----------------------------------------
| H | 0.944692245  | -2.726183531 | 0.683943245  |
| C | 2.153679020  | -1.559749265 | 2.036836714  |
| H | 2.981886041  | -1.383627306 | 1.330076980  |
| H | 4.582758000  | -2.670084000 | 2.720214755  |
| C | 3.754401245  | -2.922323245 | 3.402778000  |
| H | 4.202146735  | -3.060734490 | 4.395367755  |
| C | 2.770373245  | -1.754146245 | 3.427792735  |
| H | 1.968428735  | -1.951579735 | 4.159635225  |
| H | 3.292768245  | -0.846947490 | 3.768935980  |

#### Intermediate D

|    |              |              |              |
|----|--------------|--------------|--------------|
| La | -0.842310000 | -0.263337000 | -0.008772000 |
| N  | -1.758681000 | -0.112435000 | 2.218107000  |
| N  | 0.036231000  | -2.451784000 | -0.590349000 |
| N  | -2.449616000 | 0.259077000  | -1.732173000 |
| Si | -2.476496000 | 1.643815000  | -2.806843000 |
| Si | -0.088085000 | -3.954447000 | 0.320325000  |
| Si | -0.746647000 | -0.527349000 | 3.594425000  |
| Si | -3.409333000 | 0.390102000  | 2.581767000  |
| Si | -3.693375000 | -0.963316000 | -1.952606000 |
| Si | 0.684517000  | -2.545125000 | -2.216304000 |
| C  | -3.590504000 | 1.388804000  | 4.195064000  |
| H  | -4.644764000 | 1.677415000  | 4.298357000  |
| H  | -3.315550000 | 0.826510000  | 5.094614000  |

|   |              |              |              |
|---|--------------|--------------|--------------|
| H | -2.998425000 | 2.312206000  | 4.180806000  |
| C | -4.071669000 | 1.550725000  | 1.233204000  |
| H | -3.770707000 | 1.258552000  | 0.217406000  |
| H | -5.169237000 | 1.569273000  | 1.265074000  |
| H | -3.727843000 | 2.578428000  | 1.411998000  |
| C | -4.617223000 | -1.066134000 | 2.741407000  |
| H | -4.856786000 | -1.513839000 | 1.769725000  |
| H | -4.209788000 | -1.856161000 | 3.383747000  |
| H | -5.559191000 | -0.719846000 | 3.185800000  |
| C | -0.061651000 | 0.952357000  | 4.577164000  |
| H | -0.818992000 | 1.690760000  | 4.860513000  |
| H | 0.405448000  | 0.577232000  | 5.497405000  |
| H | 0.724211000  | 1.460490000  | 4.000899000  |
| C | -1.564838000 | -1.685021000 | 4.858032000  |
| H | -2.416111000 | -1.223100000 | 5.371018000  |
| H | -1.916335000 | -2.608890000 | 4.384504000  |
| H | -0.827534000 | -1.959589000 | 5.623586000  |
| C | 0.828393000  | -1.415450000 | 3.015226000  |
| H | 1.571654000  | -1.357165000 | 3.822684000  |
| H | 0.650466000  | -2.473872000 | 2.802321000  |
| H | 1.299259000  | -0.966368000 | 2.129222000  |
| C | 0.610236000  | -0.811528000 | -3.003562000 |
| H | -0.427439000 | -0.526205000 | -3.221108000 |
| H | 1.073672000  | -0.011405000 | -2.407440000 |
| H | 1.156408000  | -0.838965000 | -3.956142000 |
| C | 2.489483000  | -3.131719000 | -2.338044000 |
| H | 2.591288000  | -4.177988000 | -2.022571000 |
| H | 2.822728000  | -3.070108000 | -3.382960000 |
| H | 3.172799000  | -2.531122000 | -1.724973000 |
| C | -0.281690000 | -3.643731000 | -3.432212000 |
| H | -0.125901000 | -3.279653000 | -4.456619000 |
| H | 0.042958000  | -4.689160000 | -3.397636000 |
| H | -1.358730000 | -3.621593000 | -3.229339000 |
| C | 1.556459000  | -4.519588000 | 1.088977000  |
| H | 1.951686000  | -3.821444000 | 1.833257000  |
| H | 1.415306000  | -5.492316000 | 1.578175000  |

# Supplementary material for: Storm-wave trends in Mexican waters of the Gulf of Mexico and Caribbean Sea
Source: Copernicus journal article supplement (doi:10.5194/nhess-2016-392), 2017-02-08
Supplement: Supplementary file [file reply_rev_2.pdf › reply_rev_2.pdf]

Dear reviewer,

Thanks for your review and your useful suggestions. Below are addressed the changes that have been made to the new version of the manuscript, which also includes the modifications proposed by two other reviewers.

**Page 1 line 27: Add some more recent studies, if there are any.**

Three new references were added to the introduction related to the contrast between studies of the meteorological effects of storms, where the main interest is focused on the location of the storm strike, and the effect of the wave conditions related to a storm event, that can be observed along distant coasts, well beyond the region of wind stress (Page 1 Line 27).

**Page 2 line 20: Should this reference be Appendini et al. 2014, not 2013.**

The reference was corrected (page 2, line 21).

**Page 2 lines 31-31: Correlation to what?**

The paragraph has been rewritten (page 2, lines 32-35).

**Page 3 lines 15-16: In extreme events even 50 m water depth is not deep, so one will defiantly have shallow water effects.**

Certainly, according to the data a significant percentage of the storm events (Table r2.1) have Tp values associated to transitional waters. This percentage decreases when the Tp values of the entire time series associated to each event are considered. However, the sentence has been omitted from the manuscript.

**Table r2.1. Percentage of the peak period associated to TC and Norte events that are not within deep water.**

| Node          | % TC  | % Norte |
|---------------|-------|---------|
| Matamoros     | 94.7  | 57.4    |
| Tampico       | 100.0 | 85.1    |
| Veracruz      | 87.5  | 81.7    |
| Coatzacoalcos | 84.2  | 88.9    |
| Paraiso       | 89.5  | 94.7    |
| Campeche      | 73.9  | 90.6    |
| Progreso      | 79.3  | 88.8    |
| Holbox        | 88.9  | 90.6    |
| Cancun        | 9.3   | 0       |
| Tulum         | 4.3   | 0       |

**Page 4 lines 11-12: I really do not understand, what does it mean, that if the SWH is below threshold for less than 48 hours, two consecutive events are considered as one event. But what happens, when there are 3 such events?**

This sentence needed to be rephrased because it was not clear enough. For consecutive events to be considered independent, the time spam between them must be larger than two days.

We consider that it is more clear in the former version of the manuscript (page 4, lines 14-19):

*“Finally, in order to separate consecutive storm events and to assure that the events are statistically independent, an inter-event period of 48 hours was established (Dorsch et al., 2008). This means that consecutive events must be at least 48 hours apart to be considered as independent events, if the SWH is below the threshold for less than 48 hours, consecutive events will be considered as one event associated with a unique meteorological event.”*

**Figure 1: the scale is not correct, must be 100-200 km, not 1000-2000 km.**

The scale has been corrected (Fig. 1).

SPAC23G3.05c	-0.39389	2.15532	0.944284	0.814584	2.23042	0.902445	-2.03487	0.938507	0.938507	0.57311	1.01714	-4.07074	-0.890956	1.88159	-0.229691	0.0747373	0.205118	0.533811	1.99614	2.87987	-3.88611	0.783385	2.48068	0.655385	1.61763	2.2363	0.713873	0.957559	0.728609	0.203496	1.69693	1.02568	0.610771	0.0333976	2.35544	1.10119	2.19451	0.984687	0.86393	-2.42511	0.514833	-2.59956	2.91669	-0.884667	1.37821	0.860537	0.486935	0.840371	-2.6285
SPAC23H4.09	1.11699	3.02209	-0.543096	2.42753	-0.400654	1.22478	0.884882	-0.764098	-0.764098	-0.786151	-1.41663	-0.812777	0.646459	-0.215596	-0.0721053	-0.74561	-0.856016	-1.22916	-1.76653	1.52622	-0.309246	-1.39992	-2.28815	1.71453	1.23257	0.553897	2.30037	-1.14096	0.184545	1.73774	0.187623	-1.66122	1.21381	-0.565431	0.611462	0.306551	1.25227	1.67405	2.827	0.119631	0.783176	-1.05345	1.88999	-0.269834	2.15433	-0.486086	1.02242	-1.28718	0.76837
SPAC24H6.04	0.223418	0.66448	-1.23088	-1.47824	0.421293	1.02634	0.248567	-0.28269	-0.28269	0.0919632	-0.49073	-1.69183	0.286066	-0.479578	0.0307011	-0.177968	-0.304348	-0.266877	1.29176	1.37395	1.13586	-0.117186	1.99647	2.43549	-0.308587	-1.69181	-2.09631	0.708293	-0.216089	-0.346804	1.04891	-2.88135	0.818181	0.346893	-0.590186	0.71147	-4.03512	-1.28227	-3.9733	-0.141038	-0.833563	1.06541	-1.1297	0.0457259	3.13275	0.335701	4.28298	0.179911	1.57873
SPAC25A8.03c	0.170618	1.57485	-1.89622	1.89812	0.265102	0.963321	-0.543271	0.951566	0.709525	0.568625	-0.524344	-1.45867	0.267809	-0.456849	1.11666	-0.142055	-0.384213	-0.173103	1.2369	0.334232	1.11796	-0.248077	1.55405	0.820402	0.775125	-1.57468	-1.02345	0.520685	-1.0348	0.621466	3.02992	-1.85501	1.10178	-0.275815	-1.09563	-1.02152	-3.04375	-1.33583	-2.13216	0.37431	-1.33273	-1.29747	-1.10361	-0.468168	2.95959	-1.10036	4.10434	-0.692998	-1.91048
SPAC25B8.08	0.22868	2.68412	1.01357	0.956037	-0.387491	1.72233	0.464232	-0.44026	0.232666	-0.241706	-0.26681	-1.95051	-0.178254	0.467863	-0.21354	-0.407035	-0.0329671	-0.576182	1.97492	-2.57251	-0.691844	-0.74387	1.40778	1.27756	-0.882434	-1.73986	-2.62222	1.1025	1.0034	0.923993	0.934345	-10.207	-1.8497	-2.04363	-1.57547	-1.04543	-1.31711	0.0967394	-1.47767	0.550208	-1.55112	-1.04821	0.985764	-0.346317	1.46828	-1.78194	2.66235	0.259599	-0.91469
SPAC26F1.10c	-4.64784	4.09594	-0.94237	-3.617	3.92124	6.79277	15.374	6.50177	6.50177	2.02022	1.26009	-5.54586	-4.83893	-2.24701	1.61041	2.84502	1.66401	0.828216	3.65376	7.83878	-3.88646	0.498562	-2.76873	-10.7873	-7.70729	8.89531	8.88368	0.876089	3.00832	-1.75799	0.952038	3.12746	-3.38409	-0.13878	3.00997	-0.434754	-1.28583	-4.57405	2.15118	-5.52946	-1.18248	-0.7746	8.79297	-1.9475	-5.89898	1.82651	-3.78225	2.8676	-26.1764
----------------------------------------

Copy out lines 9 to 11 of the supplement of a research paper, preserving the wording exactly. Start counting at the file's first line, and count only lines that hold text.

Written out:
| H | 3.292768245  | -0.846947490 | 3.768935980  |

#### Intermediate D

|    |              |              |              |